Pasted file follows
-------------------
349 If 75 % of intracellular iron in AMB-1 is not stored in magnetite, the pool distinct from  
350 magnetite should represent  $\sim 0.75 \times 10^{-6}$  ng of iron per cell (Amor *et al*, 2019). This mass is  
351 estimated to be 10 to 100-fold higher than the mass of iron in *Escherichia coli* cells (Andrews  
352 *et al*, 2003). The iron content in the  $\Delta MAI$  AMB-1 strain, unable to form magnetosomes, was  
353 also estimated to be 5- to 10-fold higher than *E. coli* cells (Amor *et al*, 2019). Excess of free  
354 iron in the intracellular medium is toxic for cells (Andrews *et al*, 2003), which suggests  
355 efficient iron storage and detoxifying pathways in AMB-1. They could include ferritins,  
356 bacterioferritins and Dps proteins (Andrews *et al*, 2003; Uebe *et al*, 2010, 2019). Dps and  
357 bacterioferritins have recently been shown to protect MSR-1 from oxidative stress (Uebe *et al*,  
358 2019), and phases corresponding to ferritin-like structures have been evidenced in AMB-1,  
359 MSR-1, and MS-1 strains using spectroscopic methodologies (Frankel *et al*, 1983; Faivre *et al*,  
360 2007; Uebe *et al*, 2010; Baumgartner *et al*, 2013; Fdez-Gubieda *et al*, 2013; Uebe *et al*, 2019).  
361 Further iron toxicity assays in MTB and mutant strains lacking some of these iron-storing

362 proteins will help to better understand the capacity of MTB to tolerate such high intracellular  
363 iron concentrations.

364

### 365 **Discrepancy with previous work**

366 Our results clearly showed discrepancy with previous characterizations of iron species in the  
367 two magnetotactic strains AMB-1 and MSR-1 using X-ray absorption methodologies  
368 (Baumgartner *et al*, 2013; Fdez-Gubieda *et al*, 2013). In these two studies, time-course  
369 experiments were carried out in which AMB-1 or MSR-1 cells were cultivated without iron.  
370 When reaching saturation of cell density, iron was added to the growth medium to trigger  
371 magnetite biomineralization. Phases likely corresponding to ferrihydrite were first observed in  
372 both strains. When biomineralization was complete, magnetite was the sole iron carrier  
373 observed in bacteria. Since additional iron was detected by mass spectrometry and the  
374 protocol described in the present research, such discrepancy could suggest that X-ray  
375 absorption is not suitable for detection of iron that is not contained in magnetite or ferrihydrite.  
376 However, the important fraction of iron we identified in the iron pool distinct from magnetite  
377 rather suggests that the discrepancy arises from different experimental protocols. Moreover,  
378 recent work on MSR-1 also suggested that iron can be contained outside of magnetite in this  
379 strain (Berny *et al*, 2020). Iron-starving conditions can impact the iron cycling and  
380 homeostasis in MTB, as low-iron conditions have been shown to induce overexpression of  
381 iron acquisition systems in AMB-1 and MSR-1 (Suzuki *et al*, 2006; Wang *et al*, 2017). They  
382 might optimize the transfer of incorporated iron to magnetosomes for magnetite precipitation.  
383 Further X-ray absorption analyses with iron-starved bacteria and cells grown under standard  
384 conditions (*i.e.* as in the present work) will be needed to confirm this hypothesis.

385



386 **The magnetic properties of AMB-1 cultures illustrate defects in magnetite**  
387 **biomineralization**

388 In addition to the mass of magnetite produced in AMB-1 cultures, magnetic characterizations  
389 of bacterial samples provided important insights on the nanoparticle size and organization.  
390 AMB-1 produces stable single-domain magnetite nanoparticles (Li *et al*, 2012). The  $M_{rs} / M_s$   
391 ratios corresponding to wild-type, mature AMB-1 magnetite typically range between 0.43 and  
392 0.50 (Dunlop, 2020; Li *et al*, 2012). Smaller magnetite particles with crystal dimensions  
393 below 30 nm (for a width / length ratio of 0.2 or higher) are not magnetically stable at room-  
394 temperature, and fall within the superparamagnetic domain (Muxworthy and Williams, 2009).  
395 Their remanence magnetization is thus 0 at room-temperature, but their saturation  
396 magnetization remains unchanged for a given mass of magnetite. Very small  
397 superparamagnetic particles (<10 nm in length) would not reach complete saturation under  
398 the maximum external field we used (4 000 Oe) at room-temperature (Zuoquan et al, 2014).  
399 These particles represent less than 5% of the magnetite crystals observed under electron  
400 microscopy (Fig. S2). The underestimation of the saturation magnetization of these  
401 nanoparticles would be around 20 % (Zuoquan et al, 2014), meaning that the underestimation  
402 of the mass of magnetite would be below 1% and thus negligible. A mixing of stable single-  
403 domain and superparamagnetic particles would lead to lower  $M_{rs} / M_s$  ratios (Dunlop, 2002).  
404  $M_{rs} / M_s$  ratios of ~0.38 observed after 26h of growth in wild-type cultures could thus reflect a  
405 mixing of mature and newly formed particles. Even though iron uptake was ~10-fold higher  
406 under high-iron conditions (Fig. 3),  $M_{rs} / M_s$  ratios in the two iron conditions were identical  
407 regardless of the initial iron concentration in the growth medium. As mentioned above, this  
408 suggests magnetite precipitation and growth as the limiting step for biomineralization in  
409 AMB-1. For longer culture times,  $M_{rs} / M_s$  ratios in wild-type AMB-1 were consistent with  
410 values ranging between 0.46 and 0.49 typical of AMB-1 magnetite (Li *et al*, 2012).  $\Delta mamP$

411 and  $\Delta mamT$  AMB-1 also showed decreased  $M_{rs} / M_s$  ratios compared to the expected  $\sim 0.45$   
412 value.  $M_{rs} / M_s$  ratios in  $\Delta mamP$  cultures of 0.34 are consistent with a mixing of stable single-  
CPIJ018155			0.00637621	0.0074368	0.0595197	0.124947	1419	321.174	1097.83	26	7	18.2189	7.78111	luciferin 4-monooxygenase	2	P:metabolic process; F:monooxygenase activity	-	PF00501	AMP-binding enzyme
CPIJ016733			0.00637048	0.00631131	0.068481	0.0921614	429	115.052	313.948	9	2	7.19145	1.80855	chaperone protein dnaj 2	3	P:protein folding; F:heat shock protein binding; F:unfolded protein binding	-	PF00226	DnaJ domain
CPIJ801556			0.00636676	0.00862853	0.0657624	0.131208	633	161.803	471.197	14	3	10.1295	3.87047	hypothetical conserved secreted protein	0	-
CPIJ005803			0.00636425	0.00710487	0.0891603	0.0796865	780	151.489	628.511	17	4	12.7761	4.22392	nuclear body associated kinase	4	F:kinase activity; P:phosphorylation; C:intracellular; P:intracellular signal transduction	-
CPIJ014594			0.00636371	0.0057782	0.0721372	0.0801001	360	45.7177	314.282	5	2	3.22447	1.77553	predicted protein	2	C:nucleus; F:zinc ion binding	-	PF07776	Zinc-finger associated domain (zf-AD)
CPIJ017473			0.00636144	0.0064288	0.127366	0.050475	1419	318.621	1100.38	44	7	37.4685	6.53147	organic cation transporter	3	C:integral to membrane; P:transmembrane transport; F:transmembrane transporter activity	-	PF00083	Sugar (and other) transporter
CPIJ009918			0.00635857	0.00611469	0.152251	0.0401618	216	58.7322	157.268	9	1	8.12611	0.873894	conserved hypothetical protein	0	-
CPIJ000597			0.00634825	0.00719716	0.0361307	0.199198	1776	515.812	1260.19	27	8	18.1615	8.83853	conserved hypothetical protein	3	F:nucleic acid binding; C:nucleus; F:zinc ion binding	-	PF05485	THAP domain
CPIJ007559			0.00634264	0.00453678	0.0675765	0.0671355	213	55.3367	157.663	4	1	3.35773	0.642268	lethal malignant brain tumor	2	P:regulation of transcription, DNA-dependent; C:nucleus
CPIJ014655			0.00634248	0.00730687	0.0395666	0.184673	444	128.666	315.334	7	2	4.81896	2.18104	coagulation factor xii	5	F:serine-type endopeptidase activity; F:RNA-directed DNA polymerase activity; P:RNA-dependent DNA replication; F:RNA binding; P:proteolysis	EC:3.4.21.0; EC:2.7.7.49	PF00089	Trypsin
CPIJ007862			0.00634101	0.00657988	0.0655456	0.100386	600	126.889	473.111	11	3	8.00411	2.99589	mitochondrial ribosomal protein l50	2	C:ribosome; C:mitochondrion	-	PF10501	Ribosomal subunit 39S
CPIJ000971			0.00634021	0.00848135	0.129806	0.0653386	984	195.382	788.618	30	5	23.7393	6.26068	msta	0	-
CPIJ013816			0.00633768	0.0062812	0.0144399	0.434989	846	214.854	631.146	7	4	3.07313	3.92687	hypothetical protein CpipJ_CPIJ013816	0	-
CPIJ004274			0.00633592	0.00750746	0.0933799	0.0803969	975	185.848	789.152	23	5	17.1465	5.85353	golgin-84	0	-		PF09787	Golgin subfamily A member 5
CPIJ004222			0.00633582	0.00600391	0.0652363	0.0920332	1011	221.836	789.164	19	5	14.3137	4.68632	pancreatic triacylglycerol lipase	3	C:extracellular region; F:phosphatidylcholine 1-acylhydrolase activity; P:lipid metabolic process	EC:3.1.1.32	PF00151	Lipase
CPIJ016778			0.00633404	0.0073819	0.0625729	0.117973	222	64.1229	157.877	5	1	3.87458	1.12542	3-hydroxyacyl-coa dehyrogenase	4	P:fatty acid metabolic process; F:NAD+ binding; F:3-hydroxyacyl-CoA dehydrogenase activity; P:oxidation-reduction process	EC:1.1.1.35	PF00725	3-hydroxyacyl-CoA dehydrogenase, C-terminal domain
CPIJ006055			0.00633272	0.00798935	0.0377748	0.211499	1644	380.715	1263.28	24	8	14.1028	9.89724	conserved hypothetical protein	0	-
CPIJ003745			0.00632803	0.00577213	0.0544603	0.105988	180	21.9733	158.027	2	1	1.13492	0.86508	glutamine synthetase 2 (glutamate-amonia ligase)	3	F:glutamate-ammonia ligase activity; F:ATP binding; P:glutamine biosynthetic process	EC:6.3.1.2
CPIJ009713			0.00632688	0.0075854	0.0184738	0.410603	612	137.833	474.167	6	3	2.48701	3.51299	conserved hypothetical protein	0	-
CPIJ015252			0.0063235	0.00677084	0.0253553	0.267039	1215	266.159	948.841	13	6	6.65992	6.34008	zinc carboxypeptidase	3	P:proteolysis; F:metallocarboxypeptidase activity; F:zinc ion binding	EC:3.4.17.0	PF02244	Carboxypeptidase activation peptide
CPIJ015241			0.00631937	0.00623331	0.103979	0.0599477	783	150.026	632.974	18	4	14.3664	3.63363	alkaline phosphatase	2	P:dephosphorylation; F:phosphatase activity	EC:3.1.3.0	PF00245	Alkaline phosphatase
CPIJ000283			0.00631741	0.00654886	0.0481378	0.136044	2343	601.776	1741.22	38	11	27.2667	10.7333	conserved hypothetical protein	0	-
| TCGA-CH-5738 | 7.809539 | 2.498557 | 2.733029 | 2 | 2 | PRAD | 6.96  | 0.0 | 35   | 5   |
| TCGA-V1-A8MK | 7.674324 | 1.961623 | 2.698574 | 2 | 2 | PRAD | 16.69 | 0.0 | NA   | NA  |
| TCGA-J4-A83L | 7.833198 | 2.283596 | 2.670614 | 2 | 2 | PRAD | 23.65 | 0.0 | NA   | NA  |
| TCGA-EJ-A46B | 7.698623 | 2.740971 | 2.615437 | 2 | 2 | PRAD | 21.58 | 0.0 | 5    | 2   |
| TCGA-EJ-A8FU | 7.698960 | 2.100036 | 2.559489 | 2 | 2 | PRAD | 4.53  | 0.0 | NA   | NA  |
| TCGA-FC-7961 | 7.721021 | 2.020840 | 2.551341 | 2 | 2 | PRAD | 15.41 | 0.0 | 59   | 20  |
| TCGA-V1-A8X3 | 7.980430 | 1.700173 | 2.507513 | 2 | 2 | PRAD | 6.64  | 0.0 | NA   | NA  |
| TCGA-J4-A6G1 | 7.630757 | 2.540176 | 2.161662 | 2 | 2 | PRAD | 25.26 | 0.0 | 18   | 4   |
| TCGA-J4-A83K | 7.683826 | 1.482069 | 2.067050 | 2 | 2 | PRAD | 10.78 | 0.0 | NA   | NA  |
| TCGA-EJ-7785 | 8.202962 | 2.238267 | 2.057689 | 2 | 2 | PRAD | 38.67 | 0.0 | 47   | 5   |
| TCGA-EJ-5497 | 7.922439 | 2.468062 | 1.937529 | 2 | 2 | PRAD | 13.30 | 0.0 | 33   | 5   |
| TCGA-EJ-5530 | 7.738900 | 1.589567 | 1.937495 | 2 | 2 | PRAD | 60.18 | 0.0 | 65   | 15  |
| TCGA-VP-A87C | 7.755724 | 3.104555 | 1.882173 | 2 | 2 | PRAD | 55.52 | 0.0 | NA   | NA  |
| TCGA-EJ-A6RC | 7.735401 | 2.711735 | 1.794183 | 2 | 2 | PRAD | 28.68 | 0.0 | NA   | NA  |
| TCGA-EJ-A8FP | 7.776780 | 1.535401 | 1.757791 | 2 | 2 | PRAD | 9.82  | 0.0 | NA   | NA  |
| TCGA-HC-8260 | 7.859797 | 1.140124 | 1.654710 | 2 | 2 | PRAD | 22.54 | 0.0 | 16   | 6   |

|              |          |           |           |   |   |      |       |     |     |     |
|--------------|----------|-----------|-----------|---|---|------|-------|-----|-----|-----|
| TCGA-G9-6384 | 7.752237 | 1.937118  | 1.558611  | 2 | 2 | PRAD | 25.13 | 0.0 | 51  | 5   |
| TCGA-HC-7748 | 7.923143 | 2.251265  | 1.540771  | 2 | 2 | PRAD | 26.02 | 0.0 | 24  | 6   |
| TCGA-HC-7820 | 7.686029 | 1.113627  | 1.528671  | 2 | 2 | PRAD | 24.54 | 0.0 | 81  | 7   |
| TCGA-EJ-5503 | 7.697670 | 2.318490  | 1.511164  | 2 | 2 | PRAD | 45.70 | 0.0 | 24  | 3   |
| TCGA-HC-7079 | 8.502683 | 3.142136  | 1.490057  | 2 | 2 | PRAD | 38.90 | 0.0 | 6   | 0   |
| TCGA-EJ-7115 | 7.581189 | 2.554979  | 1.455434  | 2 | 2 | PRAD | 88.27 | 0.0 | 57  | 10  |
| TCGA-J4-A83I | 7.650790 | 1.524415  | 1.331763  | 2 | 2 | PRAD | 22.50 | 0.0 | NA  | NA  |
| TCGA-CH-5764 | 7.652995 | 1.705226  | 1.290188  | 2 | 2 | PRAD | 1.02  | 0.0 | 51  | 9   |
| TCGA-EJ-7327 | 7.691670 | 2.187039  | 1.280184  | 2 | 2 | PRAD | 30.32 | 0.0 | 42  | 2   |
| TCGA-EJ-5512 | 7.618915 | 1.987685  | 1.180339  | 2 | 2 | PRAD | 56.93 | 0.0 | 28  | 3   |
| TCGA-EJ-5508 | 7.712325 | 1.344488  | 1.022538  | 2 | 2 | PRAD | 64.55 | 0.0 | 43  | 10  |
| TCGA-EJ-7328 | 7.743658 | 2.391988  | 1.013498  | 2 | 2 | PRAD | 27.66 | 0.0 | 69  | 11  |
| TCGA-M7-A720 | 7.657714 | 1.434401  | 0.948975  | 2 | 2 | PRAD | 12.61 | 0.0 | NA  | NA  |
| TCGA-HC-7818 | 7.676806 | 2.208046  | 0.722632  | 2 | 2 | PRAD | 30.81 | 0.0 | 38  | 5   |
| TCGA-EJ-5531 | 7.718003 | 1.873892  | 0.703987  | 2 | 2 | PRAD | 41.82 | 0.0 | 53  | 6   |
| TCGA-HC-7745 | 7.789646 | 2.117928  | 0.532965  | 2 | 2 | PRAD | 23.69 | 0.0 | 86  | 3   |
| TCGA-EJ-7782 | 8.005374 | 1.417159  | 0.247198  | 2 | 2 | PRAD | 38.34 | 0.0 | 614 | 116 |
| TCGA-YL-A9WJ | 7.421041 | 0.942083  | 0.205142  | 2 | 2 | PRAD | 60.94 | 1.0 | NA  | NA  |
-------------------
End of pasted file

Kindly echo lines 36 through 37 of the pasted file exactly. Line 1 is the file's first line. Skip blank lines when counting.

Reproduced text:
384 conditions (*i.e.* as in the present work) will be needed to confirm this hypothesis.

385